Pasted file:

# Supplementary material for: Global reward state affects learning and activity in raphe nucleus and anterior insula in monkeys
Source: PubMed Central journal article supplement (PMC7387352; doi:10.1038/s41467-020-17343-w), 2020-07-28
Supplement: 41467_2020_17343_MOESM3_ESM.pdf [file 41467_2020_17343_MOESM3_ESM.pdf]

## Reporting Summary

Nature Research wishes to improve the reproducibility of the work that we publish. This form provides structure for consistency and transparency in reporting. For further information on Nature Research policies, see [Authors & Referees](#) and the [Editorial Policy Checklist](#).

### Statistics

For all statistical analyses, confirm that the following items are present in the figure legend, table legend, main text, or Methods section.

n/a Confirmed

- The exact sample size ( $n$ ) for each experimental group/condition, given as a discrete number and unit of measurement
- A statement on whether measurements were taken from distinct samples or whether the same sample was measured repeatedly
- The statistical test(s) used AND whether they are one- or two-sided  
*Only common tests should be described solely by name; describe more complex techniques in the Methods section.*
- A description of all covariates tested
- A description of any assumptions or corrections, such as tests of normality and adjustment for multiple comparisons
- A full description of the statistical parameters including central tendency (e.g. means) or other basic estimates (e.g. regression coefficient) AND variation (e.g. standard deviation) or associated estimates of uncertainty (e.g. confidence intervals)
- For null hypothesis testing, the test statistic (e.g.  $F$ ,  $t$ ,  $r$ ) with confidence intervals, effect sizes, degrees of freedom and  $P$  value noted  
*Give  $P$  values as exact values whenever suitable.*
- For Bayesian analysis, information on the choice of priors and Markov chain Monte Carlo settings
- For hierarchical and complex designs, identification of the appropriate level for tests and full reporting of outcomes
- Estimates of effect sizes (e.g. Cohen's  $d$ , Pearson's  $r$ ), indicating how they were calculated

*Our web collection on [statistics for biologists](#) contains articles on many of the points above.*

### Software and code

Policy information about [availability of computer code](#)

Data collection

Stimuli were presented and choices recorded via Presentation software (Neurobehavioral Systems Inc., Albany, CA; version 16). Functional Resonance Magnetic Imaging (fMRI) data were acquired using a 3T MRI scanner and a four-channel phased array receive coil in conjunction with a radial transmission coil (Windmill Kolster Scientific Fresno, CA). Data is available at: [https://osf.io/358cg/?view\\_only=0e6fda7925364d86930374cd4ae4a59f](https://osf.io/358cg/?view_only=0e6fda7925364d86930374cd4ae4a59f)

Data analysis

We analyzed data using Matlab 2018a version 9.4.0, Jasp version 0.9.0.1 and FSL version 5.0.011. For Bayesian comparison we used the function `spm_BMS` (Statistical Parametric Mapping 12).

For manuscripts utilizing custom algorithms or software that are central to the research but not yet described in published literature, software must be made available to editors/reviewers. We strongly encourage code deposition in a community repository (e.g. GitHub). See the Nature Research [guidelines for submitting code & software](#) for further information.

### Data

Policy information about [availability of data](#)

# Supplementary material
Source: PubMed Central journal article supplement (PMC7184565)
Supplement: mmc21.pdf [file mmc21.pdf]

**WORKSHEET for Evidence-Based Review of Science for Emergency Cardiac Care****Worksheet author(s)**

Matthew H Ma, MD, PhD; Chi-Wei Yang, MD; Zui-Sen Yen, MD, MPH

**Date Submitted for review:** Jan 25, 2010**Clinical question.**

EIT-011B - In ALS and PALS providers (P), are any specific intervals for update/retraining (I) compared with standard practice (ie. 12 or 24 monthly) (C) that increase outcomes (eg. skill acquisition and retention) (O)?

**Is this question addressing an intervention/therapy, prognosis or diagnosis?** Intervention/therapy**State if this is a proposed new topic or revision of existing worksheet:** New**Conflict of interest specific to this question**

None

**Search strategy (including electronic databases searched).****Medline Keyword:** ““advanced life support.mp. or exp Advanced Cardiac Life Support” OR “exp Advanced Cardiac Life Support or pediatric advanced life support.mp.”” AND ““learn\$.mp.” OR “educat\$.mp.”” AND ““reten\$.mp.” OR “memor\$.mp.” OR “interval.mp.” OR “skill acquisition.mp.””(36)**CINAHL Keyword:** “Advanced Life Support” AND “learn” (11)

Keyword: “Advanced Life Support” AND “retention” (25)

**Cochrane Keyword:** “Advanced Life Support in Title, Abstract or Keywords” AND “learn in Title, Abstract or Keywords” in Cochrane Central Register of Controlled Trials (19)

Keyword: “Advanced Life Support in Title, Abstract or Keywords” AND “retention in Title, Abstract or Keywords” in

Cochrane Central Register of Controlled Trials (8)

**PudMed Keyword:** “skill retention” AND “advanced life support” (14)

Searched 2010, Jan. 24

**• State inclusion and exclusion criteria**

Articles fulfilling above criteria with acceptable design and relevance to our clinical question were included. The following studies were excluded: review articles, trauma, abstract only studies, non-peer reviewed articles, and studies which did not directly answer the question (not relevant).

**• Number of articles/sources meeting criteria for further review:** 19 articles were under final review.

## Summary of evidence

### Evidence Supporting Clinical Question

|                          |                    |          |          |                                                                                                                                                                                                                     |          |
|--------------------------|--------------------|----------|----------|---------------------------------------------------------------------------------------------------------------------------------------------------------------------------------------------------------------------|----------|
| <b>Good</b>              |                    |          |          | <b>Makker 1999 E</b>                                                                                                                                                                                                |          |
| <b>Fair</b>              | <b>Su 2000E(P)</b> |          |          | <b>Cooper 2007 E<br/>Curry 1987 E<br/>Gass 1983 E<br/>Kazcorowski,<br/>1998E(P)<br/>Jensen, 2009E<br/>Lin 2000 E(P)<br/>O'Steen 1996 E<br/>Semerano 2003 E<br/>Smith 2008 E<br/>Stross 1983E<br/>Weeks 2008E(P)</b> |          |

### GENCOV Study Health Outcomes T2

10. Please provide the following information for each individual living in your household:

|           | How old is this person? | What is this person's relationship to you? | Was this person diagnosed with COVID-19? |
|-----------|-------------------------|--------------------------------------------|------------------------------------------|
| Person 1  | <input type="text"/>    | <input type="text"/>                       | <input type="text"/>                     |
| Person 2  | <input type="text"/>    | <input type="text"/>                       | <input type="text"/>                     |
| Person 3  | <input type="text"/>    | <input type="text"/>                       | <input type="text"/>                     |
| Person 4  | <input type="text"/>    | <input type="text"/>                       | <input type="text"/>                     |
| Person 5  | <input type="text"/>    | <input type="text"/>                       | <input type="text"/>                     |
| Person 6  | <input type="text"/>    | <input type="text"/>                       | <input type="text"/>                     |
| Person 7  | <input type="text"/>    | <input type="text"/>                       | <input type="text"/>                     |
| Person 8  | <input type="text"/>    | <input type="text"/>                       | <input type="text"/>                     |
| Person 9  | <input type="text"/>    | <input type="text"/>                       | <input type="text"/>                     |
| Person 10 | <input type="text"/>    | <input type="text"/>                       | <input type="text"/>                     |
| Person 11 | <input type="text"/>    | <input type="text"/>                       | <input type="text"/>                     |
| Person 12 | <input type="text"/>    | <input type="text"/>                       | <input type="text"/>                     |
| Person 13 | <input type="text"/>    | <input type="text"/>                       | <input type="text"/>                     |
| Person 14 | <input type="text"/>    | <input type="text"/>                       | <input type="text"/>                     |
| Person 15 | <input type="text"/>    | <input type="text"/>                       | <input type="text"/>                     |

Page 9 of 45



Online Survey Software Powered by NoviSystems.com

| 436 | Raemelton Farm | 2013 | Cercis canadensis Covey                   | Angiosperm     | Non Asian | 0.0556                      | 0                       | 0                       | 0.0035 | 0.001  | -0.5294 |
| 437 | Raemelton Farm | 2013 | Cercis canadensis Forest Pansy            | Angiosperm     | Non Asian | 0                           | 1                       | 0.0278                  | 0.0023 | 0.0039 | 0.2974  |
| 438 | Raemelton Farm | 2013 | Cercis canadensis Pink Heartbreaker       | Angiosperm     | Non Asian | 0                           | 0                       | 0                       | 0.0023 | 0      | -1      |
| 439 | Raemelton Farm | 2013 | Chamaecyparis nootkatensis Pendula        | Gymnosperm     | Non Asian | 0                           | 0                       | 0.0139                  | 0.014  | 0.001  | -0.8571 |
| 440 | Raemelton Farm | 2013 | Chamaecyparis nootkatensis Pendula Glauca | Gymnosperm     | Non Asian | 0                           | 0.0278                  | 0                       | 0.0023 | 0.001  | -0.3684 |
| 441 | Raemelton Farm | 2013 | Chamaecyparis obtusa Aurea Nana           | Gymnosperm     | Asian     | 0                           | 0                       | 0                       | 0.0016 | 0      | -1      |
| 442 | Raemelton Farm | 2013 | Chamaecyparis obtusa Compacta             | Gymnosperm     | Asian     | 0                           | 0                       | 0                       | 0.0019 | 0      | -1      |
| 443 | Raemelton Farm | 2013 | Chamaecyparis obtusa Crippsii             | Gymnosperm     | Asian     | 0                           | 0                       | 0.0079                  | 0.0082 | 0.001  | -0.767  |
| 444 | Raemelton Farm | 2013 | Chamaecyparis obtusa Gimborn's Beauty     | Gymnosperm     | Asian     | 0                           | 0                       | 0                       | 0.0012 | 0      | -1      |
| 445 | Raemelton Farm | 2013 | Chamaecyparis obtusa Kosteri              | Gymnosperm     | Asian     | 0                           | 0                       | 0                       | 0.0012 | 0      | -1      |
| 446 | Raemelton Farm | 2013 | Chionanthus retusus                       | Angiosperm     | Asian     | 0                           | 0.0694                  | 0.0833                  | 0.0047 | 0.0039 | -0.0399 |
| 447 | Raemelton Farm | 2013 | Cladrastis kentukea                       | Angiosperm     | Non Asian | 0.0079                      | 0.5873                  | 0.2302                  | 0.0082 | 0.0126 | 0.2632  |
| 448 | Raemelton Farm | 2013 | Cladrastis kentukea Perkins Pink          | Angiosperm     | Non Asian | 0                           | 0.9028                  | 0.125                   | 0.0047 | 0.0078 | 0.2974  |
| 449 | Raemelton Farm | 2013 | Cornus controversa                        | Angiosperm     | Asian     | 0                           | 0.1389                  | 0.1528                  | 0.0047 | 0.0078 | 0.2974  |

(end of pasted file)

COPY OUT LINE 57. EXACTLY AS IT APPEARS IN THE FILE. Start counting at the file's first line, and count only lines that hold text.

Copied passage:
10. Please provide the following information for each individual living in your household: